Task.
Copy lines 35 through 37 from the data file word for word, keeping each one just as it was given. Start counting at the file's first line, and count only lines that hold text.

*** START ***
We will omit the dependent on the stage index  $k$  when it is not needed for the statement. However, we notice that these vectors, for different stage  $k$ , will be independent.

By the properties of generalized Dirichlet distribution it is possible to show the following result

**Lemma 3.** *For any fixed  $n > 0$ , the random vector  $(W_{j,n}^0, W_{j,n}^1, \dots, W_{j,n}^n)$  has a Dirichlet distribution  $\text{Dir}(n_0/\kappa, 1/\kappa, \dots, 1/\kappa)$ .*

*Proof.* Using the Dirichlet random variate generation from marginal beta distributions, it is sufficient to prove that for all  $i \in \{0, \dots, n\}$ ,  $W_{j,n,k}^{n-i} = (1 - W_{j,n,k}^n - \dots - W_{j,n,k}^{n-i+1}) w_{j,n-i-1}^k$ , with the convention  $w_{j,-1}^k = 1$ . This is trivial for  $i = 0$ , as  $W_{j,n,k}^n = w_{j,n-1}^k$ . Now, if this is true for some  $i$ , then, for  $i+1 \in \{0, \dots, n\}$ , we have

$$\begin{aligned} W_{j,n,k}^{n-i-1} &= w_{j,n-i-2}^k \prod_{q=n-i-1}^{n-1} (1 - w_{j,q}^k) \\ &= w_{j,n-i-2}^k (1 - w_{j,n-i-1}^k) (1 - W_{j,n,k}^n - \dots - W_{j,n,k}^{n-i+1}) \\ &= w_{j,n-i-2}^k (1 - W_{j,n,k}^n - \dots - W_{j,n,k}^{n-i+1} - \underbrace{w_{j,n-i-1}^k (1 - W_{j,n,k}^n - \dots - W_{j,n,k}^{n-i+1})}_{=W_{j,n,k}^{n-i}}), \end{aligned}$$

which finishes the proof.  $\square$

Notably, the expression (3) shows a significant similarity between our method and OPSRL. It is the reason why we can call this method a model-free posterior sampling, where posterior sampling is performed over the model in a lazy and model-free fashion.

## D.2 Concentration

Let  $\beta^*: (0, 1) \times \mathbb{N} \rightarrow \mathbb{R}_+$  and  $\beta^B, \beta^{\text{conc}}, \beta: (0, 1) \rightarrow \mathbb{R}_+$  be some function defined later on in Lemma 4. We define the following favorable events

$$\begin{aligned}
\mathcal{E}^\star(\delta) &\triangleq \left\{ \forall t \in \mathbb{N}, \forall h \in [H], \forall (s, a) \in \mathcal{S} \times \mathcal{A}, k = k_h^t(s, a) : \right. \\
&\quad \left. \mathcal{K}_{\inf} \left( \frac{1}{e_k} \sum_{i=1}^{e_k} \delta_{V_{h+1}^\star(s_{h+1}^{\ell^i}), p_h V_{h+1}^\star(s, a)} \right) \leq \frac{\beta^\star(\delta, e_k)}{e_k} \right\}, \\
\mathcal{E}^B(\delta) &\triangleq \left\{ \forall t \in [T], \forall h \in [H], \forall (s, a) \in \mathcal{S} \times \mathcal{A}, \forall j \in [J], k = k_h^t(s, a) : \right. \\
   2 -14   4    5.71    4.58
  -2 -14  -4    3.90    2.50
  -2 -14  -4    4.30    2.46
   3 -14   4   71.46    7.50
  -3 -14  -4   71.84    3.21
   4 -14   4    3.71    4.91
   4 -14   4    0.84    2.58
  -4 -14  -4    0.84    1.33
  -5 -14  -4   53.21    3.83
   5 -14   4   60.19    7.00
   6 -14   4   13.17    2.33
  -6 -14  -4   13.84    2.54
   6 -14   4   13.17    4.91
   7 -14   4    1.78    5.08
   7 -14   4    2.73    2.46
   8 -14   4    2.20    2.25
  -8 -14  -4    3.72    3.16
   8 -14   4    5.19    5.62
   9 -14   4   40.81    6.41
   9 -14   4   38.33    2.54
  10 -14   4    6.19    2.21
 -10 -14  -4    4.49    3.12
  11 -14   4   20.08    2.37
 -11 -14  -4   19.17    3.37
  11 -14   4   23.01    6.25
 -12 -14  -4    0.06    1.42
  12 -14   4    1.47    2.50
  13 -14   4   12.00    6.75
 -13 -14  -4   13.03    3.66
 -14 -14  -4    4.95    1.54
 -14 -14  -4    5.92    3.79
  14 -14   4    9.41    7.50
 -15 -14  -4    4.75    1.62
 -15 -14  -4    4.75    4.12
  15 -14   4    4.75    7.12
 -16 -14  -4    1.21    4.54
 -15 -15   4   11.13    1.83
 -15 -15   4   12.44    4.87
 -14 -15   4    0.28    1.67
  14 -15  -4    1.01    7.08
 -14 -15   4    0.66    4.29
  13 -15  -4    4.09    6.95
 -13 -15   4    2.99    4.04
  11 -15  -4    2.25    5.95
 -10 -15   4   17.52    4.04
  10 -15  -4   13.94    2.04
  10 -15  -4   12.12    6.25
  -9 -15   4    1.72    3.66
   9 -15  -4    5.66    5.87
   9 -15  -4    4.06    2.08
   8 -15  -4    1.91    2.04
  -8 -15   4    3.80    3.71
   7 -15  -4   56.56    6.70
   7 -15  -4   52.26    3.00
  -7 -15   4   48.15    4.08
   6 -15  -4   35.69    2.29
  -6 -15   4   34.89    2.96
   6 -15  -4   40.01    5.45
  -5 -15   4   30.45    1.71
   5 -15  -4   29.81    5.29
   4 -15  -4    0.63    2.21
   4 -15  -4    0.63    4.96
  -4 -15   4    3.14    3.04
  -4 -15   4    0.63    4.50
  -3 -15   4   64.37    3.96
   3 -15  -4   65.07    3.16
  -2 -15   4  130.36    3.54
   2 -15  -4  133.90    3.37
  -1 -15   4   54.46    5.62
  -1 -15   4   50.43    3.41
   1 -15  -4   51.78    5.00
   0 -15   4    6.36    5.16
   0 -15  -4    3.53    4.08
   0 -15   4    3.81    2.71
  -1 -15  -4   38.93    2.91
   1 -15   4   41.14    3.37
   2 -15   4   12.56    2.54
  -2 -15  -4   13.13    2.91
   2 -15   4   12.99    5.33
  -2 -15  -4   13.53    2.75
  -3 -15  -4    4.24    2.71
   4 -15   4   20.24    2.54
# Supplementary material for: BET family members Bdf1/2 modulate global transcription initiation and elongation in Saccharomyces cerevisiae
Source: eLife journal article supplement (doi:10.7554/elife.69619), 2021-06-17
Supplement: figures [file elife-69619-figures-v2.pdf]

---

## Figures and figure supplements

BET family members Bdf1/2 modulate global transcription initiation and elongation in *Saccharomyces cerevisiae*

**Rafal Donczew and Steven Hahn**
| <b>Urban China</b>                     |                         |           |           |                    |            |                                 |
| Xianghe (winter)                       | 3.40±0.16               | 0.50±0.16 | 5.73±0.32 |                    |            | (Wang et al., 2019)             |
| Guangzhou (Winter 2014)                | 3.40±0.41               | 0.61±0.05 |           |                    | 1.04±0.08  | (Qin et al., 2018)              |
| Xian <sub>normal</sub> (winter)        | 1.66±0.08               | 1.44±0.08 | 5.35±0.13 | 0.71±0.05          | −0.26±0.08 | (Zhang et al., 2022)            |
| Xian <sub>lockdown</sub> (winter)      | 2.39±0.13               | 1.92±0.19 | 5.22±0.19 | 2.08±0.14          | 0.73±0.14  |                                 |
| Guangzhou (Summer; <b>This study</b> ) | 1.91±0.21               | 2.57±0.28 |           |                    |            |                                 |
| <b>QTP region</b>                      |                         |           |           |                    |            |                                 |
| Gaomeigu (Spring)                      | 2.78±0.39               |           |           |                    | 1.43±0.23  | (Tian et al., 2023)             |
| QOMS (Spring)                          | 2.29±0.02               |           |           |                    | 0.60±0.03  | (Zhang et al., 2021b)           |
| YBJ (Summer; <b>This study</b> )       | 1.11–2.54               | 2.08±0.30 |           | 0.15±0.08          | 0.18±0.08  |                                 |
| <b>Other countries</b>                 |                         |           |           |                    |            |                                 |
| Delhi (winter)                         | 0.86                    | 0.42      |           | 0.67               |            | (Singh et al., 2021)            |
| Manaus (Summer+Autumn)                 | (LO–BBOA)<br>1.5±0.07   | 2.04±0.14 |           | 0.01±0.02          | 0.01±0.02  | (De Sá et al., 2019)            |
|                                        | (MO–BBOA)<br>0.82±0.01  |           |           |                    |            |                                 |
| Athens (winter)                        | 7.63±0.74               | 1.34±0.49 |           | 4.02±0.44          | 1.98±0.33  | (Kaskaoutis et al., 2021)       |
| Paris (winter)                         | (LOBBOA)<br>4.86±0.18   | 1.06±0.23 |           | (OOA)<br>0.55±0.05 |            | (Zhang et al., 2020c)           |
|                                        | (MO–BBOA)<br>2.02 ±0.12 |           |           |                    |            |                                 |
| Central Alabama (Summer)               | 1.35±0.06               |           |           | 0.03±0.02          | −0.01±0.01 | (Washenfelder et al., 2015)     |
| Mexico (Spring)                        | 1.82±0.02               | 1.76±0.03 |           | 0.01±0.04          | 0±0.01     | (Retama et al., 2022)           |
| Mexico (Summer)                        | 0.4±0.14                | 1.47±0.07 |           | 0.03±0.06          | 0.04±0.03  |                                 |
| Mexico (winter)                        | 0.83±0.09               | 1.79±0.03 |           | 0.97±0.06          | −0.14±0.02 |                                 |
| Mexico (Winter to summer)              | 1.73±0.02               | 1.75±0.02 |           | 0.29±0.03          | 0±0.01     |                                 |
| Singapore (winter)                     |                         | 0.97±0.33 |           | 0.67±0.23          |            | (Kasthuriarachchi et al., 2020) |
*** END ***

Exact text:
 -10 -14  -4    4.49    3.12
  11 -14   4   20.08    2.37
 -11 -14  -4   19.17    3.37